Brian Clifton creates an installation where space is physically mapped with grids of wire; alterations of this volume reveal patterns of its use. Also on view are a series of Clifton’s drawings which look like old and yellowed pages torn out of paperback novels. Their handwritten texts evoke other spaces – both rooms and states of mind. They harmonize the physical location in which the viewer stands with an interior place created in the imaginary, the gallery itself, and elsewhere.
Photographs by LaToya Ruby Frazier and the New York premiere of her documentary video A Mother to Hold evidence the artist’s unflinching and generous documentary eye. While much has been made of certain details of Frazier’s personal backstory, it is her unapologetic and sensitive portrayals of family, friends and familiar locations that get under our skin. Frazier’s work encourages us to recognize our shared humanity with her and her subjects and creates a place where we can explore these connections. Real recognize real.
Roberto Jacoby and Fernanda Laguna, both based in Argentina, contribute Donaciones[Donations], a work which multiplies and confounds the boundaries of the work of art and of authorship. When the artists created an authorized copy of Duchamp’s Feuille de vigne femelle [Female Fig Leaf] for a museum of reproductions in Buenos Aires – notable as the only 20th century work in the museum’s collection – they not only drew attention to the condition of the ‘original’ and the ‘copy’ but also to the economies and inventiveness that are necessary when one is situated in the so-called periphery.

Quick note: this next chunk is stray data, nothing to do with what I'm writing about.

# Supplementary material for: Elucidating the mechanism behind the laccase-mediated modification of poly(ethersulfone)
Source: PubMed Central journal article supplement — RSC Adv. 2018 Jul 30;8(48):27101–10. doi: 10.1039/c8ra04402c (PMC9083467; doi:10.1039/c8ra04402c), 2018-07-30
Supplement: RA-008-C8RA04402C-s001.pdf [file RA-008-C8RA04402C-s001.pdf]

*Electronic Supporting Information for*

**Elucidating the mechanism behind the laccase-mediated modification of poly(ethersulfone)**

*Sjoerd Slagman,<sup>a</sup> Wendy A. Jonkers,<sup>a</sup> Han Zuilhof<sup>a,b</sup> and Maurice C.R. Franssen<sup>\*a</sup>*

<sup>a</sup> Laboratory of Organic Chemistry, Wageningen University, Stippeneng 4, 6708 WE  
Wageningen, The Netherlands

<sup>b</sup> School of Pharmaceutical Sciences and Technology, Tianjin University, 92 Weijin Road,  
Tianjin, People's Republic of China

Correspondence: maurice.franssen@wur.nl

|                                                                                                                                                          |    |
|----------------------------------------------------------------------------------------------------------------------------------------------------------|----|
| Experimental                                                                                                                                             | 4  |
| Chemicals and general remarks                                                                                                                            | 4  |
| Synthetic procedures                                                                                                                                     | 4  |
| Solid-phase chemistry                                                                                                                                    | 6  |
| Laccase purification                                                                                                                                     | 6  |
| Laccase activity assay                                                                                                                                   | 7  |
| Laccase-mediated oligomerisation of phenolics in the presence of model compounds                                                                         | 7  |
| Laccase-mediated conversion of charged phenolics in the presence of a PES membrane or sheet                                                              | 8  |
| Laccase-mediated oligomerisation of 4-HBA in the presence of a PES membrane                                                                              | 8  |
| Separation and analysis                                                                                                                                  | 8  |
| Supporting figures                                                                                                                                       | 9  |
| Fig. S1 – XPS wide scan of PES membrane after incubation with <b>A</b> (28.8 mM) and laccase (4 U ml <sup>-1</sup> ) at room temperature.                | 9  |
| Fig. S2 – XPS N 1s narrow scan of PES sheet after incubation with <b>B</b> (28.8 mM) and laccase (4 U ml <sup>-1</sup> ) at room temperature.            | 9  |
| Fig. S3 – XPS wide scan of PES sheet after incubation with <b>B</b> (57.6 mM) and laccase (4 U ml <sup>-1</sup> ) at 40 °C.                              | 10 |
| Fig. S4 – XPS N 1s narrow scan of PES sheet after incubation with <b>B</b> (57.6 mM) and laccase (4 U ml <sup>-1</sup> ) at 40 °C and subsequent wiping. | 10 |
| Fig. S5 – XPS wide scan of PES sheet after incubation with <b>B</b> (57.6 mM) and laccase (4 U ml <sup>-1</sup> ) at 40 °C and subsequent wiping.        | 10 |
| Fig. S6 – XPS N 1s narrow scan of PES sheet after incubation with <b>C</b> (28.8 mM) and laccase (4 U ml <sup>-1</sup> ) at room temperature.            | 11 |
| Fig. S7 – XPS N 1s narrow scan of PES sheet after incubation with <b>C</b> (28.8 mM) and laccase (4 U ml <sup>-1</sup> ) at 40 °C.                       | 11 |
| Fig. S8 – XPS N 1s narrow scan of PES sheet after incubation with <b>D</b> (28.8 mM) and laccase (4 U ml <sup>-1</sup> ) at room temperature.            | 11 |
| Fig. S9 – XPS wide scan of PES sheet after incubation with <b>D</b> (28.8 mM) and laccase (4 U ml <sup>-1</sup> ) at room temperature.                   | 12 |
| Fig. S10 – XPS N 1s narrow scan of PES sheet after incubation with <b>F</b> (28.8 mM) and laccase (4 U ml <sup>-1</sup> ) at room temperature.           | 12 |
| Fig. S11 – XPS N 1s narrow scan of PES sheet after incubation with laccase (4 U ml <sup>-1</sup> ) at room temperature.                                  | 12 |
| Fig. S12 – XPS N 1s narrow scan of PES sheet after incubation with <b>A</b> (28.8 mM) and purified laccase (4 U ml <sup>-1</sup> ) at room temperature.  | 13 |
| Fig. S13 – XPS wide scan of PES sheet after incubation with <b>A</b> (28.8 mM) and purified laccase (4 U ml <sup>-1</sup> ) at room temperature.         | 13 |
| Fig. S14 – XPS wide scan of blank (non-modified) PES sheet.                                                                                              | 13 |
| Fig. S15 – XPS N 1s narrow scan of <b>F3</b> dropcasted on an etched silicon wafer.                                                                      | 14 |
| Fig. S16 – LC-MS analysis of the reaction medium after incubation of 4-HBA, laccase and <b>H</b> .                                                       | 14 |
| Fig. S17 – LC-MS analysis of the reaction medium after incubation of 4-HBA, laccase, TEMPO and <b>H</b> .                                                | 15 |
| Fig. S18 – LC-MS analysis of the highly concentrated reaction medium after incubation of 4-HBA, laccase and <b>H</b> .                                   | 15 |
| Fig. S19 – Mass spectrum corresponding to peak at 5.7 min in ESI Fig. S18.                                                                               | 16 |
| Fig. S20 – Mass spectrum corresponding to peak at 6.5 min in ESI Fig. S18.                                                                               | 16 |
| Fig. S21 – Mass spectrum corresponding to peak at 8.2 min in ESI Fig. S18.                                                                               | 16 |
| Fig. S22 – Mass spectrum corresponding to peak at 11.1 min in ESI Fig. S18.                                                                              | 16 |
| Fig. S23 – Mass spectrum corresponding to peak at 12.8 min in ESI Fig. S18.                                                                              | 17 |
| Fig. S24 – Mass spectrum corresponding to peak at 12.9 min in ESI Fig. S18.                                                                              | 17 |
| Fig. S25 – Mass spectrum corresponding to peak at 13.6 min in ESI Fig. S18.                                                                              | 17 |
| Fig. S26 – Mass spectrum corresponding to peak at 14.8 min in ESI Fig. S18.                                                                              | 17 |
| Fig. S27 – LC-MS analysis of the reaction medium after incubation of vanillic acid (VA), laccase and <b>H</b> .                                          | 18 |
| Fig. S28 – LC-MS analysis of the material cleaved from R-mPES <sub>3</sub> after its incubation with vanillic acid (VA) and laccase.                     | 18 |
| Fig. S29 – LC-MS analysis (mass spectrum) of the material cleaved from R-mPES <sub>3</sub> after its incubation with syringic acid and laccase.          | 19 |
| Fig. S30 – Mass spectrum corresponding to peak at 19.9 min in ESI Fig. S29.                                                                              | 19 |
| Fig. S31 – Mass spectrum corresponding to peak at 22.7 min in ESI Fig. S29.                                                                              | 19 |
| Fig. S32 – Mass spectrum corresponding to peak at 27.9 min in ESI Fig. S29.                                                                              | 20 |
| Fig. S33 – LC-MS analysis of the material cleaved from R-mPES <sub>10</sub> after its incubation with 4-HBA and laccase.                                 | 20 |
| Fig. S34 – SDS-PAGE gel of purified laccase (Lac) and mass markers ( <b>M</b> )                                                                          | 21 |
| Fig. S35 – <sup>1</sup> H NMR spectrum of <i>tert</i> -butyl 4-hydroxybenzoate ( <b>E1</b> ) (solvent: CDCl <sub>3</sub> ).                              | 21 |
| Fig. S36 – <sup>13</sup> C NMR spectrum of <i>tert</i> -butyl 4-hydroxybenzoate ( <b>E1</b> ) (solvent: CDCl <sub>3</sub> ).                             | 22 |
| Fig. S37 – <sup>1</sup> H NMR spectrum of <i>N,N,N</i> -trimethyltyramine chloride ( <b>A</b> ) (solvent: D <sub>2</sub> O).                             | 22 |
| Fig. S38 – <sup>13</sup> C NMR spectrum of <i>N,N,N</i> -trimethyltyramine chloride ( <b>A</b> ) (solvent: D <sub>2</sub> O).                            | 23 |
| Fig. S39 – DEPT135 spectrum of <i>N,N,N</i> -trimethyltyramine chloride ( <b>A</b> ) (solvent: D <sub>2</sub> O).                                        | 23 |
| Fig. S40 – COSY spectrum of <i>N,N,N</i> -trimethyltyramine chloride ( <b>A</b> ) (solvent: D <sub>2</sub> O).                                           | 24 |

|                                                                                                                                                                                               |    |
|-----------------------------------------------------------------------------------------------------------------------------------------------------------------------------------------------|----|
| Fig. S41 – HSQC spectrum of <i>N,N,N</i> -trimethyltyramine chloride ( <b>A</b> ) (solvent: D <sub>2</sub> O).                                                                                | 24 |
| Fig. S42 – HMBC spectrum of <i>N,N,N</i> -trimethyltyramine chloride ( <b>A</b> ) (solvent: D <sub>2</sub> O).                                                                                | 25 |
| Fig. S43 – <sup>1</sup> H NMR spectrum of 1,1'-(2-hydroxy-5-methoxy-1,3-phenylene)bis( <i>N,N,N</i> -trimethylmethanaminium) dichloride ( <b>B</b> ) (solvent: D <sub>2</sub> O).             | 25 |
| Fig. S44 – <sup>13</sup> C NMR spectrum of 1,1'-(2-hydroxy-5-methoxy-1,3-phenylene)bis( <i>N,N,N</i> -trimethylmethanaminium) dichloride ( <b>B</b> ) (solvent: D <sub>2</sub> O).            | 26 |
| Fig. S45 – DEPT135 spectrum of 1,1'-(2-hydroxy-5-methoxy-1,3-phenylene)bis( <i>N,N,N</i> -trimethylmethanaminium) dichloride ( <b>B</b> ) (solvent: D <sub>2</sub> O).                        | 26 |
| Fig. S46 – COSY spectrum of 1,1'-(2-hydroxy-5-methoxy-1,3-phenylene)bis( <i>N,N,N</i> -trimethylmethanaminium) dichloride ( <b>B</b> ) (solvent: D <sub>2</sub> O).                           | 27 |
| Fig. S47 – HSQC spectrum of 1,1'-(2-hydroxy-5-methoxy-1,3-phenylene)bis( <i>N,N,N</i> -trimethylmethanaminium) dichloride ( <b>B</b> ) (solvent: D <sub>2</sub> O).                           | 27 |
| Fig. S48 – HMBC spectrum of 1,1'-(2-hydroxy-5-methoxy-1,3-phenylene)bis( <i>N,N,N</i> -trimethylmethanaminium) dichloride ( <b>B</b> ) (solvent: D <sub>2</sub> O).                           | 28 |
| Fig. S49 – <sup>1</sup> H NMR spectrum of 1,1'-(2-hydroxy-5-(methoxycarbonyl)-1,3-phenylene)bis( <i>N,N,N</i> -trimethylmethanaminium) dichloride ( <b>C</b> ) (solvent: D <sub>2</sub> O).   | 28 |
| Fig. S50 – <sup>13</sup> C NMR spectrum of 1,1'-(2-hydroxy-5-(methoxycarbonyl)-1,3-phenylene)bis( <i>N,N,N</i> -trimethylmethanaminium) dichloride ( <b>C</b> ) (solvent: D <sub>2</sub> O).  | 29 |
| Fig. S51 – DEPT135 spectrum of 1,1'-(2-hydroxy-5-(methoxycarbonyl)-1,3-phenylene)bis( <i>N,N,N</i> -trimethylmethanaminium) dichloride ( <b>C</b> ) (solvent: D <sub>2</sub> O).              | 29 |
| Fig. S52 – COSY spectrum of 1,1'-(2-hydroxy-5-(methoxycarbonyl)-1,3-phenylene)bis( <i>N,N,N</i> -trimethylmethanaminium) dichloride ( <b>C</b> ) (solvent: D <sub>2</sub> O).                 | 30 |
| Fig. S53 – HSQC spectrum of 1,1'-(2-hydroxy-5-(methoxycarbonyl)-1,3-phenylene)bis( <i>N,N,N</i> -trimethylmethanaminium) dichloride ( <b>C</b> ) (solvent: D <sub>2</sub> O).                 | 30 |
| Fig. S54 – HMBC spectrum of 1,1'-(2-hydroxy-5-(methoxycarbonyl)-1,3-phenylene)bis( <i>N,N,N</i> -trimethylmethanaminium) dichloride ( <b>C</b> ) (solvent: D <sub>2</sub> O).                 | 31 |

Two new works by the artist MPA both explore contested geographies. More than 100,000 is a geometric monument referencing the number of American troops - each an individual life - purportedly deployed in Iraq and Afghanistan today. MPA explores a different contested territory in the filmed performance ritual Excuse me, I made a mark before asking permission. Shot in the desert near Marfa, Texas, considerations of Minimalism and Land Art are woven together with reverence for the land and ideas of how it may be occupied.
Though the time for the readymade has passed, the radicality of Duchamp’s gesture persists, as does its significance. It persists in the work of artists like these, full of brutal elegance and inventive materiality. Their generosity of spirit does much to free us from the limiting constraints of form and helps us recognize previously unimagined possibilities existing at its edges.
Larissa Goldston Gallery is located at 530 West 25th Street, 3rd floor. Gallery hours are Tuesday through Saturday, 11am – 6pm.
For more information, please contact the gallery at 212-206-7887, email firstname.lastname@example.org, or visit www.larissagoldston.com.